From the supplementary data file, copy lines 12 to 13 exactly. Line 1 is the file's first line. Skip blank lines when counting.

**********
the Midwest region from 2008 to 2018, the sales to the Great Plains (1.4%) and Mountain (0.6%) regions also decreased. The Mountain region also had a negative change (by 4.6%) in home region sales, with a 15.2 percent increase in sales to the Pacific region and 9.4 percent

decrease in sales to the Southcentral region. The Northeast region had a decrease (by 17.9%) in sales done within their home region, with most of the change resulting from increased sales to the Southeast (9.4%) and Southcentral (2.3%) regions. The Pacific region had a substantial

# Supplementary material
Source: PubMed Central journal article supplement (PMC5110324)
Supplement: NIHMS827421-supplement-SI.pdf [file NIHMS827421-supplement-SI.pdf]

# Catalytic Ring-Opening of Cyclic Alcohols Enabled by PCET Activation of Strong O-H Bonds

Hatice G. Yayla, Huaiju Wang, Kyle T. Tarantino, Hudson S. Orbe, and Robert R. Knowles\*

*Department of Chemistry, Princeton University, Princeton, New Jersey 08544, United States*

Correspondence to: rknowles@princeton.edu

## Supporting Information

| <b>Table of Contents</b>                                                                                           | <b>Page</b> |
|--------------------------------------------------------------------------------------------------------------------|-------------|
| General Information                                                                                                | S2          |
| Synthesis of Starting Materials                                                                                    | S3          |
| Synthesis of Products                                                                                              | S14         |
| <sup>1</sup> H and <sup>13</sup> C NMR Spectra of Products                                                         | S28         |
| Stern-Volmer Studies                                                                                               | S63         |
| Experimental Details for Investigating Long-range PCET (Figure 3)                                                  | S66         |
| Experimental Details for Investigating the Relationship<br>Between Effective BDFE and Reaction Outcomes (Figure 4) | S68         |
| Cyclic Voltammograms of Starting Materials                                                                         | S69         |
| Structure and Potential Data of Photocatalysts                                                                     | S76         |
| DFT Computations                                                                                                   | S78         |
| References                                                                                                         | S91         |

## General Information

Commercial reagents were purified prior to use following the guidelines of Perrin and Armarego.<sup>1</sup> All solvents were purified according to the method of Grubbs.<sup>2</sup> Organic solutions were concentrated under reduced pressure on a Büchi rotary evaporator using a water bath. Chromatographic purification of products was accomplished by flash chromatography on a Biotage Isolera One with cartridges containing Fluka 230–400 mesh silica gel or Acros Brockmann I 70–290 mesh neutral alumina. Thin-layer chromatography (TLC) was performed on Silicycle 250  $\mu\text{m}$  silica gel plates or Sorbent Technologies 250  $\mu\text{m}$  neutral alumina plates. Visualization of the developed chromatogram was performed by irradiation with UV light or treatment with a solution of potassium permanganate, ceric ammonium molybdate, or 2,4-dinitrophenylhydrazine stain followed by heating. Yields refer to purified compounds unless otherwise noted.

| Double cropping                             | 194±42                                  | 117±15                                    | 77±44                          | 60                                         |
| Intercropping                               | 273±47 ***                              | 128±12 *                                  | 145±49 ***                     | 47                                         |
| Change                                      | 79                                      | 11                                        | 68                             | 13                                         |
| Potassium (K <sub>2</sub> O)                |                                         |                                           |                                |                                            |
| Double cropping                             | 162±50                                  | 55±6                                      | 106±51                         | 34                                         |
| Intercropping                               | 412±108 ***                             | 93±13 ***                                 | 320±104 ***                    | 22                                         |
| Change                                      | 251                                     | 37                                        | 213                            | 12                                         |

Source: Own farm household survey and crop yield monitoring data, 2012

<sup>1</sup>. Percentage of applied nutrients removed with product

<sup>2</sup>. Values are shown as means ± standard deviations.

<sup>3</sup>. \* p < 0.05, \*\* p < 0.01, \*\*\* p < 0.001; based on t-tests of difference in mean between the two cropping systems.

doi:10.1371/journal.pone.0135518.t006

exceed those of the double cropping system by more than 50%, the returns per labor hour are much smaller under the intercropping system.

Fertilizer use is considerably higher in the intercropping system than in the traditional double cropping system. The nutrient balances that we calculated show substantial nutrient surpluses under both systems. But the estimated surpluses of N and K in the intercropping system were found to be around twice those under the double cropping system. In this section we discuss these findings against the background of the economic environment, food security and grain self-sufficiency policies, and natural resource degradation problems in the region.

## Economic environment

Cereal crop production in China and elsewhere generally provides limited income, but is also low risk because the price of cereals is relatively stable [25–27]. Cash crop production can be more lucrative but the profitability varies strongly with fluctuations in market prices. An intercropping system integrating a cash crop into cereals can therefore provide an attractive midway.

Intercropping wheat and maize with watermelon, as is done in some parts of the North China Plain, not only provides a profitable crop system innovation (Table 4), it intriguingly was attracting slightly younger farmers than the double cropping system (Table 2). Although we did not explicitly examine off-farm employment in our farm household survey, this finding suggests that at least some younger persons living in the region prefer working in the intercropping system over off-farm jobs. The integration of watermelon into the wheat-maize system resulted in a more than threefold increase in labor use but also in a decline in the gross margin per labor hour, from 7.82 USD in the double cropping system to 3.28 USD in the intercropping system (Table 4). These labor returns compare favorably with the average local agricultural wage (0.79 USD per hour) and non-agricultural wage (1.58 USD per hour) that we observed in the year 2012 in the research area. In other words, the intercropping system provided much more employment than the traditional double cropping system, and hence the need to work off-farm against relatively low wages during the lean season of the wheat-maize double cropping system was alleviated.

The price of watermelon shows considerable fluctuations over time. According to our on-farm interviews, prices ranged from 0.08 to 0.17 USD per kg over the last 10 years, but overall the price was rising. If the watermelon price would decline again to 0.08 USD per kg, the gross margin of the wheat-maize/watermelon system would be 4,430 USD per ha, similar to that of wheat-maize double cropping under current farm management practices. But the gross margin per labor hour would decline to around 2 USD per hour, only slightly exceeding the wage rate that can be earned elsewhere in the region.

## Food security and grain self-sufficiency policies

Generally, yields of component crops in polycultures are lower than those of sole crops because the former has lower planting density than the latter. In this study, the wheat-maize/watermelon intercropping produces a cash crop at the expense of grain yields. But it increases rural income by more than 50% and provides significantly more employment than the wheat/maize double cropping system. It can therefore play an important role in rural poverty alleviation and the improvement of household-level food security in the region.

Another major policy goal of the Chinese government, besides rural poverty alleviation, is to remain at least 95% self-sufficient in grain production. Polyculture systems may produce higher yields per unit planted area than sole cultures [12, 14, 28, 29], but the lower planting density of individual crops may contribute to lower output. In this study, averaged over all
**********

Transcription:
|--------------------------------------------------------------------------------------------------------------------|-------------|
| General Information                                                                                                | S2          |